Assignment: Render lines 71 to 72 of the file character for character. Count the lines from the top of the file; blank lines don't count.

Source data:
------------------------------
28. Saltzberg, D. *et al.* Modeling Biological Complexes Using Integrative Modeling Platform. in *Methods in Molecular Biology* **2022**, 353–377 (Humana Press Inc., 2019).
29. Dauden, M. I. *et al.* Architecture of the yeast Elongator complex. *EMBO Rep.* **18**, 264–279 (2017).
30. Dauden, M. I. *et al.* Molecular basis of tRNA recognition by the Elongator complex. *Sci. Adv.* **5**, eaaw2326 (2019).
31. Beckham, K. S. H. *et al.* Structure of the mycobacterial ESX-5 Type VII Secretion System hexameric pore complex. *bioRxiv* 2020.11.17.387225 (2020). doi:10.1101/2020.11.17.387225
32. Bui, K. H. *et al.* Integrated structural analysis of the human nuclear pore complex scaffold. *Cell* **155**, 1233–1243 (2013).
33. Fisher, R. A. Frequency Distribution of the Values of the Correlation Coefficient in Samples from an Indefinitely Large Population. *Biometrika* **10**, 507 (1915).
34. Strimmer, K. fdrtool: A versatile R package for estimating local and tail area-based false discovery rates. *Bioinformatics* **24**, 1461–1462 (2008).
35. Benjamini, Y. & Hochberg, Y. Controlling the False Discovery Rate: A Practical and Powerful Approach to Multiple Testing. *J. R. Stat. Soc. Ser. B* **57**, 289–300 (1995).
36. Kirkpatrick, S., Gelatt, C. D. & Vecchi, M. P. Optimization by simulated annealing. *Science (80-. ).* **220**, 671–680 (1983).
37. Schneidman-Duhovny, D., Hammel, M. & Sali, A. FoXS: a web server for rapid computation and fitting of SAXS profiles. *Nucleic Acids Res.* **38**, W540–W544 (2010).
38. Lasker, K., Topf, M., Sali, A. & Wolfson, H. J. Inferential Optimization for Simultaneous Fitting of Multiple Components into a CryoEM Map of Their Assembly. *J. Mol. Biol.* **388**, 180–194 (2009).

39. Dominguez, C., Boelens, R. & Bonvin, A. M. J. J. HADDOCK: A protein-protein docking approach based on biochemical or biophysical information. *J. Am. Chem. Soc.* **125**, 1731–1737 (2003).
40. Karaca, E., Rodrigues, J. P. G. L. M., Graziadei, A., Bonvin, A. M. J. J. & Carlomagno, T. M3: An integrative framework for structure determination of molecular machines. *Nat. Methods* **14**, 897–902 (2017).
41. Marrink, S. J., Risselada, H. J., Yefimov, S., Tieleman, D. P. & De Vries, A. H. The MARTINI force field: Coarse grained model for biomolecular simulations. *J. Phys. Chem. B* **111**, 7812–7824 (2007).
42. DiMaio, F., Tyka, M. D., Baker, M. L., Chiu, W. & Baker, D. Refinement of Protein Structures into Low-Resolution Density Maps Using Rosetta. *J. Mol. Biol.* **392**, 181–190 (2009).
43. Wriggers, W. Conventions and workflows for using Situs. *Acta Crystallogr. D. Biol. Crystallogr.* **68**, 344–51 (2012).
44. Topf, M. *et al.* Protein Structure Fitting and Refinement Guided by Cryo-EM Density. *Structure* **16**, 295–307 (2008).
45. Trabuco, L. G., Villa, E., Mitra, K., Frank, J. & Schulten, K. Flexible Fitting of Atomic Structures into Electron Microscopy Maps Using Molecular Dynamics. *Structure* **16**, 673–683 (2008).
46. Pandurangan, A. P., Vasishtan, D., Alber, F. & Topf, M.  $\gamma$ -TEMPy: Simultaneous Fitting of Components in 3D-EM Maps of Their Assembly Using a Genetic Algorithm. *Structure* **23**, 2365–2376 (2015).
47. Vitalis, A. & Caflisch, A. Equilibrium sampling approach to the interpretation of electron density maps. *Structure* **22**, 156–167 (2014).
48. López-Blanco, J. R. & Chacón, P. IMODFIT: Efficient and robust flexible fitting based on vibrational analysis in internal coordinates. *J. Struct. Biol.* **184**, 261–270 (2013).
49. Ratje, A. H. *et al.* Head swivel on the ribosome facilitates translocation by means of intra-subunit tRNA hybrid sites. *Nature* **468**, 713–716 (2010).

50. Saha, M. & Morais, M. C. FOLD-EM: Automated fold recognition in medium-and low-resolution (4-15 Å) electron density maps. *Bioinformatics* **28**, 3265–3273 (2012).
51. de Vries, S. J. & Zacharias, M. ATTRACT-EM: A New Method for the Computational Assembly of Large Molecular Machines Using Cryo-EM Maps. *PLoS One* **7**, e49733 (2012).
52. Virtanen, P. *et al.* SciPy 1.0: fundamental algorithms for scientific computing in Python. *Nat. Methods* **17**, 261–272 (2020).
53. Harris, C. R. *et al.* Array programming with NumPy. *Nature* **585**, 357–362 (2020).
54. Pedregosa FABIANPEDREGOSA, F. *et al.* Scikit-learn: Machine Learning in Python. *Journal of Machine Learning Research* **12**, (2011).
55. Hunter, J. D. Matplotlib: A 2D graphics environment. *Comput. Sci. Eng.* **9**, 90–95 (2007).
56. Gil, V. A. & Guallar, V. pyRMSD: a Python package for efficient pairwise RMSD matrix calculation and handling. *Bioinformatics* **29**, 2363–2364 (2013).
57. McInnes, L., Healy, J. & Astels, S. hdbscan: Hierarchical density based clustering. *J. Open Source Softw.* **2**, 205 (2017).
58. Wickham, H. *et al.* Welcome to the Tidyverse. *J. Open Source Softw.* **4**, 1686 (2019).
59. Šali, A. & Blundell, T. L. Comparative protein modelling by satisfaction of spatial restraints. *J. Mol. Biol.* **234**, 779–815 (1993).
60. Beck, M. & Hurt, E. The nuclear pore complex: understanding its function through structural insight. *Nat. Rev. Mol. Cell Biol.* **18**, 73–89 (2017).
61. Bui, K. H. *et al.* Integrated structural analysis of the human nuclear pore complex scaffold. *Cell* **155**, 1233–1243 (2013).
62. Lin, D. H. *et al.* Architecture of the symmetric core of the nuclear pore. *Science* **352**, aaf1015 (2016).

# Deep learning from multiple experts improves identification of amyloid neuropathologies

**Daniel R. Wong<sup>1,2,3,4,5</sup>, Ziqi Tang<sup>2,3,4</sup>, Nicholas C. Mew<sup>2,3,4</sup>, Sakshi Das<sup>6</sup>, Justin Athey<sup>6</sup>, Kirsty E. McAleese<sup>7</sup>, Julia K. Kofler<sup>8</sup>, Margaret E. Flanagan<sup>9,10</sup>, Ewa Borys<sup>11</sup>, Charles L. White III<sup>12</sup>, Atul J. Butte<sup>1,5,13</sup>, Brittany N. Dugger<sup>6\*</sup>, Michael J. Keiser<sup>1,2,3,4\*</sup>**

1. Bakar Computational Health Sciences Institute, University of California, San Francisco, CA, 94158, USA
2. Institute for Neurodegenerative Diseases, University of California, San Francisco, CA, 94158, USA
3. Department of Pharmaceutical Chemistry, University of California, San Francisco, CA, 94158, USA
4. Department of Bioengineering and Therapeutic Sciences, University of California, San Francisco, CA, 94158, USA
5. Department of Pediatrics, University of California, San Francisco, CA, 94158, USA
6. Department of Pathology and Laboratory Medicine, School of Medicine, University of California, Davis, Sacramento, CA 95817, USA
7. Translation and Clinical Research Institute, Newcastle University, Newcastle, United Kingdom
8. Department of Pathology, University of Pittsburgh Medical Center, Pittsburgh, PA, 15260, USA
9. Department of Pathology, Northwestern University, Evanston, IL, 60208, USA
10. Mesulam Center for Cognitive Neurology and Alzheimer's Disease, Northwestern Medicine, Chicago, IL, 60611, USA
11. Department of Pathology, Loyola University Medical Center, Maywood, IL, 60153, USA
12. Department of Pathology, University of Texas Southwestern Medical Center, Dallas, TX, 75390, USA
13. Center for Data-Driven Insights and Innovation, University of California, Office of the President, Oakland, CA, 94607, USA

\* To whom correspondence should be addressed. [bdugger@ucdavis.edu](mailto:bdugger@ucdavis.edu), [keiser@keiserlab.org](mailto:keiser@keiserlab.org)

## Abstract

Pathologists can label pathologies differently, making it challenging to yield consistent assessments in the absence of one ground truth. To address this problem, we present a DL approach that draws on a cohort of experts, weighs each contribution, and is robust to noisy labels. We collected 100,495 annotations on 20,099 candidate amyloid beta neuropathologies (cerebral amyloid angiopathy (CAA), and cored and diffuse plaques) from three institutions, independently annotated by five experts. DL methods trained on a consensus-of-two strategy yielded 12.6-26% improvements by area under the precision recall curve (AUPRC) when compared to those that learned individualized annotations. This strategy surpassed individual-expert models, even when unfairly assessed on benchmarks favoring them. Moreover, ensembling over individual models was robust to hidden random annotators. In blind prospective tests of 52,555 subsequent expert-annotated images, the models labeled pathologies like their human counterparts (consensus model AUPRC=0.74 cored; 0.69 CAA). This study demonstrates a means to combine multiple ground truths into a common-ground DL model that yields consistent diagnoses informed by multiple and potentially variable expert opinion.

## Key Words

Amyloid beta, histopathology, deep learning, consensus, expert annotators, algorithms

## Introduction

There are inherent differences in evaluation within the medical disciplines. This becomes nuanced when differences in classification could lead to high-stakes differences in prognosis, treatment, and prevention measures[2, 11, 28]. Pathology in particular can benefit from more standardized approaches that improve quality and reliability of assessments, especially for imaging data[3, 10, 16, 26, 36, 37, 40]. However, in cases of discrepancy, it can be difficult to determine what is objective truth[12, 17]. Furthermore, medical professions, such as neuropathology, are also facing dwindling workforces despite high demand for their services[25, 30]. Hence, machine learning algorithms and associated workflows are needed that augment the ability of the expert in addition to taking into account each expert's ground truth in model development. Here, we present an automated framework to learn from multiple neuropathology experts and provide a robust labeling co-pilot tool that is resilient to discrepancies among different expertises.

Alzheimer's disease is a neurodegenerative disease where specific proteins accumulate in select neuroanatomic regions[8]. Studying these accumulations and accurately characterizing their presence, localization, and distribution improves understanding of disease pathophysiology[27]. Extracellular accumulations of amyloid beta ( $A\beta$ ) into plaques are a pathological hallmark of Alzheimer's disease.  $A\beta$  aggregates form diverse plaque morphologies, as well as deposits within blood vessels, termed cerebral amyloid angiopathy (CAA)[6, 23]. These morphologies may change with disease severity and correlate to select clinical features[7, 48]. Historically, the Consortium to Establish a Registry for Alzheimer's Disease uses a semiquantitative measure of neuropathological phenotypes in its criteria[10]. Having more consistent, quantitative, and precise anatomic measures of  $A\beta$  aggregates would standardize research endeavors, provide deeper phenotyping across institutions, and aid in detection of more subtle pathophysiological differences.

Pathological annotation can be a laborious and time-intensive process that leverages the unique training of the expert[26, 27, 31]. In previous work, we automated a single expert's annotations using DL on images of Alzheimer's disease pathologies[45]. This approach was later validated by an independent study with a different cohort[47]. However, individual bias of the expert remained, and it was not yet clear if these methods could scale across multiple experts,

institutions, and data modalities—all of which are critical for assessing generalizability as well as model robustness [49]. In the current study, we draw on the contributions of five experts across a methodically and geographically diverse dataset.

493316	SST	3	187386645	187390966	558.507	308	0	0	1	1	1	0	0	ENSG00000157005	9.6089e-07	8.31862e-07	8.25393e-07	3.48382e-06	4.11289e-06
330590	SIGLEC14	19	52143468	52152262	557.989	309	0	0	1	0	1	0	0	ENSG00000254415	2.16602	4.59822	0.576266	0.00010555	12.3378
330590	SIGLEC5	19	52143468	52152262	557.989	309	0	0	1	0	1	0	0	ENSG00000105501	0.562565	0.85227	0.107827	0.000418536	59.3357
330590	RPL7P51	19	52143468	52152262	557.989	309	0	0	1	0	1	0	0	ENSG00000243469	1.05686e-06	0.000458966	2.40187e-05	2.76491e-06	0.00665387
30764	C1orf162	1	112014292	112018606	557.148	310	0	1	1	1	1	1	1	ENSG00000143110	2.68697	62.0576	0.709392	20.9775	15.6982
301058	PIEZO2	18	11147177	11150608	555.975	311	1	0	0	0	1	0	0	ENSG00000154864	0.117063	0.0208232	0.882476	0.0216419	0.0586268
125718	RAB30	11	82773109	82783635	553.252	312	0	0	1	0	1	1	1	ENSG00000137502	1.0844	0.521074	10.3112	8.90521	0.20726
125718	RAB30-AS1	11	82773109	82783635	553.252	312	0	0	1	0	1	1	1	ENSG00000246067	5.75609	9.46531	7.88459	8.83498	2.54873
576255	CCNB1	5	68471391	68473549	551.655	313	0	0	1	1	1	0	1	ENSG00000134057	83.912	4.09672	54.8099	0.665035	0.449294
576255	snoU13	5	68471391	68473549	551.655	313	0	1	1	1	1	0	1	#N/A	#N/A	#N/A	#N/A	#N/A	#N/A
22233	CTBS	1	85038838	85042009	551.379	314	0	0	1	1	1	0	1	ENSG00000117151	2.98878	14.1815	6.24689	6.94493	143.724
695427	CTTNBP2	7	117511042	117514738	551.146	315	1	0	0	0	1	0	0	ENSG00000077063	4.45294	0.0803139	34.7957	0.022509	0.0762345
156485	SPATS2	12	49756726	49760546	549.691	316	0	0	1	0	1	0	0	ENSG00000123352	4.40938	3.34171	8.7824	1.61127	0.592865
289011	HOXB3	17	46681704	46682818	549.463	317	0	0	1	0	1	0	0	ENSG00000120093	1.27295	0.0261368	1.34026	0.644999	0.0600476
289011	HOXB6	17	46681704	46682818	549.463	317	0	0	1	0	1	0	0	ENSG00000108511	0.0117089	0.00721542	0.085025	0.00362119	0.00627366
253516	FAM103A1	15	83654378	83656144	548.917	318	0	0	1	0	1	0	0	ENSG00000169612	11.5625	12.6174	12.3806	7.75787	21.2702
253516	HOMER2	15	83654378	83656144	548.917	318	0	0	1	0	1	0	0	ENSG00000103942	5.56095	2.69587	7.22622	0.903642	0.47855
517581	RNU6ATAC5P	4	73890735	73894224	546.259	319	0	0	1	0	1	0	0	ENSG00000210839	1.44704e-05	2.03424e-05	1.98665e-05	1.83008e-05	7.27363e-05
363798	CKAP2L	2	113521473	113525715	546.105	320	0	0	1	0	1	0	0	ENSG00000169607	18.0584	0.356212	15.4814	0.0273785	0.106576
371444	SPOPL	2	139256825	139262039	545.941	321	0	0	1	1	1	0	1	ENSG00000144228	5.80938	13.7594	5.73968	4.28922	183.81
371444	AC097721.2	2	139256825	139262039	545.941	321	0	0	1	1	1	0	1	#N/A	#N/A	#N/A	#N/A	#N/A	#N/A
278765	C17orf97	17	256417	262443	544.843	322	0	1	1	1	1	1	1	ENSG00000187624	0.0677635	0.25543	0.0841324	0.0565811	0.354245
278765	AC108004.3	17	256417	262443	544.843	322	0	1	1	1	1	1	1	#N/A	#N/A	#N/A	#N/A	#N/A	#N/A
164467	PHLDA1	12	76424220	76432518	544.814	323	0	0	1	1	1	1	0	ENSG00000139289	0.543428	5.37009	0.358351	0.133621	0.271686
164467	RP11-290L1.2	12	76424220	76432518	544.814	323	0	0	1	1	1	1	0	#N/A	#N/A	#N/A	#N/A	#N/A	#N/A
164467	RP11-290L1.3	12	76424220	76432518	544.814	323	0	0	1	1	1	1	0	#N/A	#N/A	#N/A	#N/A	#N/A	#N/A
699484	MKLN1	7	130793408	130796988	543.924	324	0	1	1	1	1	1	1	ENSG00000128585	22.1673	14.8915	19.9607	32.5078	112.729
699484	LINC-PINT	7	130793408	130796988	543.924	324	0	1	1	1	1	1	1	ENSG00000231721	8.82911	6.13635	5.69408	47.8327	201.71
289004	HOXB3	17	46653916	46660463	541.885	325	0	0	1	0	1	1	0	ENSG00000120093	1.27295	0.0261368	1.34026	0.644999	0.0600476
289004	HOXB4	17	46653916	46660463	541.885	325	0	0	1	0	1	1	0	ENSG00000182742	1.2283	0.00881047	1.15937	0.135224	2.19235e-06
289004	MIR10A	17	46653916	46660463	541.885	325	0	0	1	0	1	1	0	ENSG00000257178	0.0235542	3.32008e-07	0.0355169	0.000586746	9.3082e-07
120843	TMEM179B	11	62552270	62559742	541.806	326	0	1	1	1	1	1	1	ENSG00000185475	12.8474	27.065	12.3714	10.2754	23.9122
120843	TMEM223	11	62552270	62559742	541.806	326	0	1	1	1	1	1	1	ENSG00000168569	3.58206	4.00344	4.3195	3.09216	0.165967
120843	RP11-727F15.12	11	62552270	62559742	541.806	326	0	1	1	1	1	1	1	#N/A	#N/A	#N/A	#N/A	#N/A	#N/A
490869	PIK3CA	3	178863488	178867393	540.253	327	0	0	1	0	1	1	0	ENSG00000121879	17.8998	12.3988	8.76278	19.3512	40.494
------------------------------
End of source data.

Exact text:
22233	CTBS	1	85038838	85042009	551.379	314	0	0	1	1	1	0	1	ENSG00000117151	2.98878	14.1815	6.24689	6.94493	143.724
695427	CTTNBP2	7	117511042	117514738	551.146	315	1	0	0	0	1	0	0	ENSG00000077063	4.45294	0.0803139	34.7957	0.022509	0.0762345